Margaret Maitland Howard (1898 -1983):
Female Nude, Seated, Three-Quarter Rear View, c.1920
Unframed (ref: 10142)
Oil on canvas
35.8 x 20.3 in. (91 x 51.5 cm)
Provenance: The Artist's Studio
Literature: Llewellyn, Sacha, and Paul Liss. Portrait of an Artist. Liss Llewellyn, 2021, p.105.
Margaret Maitland Howard was a painter and draughtsman, born in London. She studied at the Byam Shaw and Vicat Cole School of Art and Royal Academy Schools, where she was a multiple silver medal-winner plus other awards. She exhibited RA, NEAC, SWA, RP and ROI. Just after World War II she was appointed draughtsman to the Institute of Archaeology at London University. She was Ridley Art Club member and the daughter of the artist Henry James Howard. She lived in Sutton, Surrey.
Women had historically been discouraged from the nude as a genre, and even after it became acceptable for women to attend Art School drawing from a live model, rather than plastercasts, was considered inappropriate. A measure of the degree to which men felt threatened by the idea of women painting a nude is demonstrated by the hostile reaction provoked by Laura Knights iconic Self Portrait (1913), now in the collection of The National Portrait Gallery, which the Times critic of the day summed up as 'something dangerously near to vulgarity'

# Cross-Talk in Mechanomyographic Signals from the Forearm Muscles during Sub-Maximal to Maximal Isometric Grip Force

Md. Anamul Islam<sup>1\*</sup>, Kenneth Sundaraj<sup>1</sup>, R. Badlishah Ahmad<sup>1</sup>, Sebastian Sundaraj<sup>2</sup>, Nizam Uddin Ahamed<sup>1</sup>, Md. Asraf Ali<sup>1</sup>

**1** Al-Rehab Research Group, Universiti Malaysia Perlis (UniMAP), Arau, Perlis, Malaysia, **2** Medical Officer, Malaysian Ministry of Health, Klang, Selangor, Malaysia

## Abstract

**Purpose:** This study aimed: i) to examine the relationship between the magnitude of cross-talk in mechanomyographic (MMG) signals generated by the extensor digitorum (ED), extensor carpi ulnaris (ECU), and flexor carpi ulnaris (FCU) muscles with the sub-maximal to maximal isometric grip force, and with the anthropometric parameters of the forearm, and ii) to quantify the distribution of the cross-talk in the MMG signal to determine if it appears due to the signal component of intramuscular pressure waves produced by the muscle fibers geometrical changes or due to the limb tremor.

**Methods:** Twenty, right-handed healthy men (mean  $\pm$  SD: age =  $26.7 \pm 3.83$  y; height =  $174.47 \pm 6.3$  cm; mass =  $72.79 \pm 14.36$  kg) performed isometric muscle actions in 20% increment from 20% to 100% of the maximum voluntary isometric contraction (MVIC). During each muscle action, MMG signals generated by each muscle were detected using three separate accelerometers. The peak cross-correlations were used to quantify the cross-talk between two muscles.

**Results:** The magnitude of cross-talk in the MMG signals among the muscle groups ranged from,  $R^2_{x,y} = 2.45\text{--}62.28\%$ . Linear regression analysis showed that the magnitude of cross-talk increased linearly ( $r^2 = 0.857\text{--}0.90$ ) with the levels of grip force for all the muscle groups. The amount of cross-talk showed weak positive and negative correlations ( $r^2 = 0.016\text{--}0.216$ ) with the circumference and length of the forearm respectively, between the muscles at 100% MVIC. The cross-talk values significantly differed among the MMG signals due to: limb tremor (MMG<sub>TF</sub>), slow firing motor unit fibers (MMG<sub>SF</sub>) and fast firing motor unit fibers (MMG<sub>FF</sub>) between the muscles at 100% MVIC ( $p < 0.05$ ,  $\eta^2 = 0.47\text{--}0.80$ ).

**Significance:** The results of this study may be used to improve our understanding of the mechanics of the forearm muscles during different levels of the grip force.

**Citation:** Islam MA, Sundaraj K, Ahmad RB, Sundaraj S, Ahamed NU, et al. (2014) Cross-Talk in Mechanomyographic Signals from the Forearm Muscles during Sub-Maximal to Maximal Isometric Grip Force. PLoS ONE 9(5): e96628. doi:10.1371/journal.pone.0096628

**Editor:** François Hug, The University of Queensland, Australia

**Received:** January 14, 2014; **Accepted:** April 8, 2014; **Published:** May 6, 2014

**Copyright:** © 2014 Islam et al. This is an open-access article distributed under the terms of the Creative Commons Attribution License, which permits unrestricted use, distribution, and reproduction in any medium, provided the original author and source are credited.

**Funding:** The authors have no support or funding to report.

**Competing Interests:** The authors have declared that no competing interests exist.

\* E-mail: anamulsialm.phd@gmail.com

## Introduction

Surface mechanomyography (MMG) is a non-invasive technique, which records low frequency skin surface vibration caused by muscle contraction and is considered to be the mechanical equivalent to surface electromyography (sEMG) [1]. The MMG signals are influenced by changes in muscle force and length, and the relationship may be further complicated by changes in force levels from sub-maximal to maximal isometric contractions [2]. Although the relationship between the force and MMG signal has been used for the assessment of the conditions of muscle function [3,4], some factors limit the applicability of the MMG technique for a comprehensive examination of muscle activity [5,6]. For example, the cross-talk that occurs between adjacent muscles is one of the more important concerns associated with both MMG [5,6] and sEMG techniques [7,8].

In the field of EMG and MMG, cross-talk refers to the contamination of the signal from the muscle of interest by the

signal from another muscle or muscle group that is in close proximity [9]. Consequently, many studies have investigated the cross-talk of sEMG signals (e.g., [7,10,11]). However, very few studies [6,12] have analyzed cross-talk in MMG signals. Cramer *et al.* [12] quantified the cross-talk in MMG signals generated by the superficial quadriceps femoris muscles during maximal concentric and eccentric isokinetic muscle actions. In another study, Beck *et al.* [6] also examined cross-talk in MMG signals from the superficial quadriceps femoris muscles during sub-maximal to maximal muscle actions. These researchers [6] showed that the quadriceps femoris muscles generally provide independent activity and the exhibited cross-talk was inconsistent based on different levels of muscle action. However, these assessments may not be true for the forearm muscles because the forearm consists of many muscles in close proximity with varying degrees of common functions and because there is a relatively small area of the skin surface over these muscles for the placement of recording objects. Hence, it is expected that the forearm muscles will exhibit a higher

Somehow, women painting women hardly ever infuses into her work the higher charm of the ‘eternal feminine’. This painting is obviously but an exercise, and as such it might quite appropriately have stayed in the artist’s studio. It repels, not by any special inconveniance – for it is harmless enough with an element of sensuous attraction – but by dullness and something dangerously near to vulgarity. - Claude Phillips, The Daily Telegraph, 17 April 1914
Even favourable press reviews of the time used very condescending language: Mrs Knights has …proved that she has masculine genius and feminine courage. - Herbert Thomas, Mrs Knights Triumph, The Cornish Telegraph, 26 March 1914, p3.
In Margaret Maitland Howard’s study, there is an honesty of purpose that might typically be absent from a nude painted by a man. As Alfred Lys Baldry observed in Contemporary Figures Painters, The Studio 1925, this ‘plain matter of fact’ approach to the nudes– ‘the frank fidelity of the woman artist’ - , shared none of the characteristics of the ‘idealized rendering of the female nude as seen by a male painter ‘ The source of the above quotes is an article by Pamela Gerrish Nunn, Self Portrait by Laura Knight, The British Art Journal, volume VIII No. 2 p 53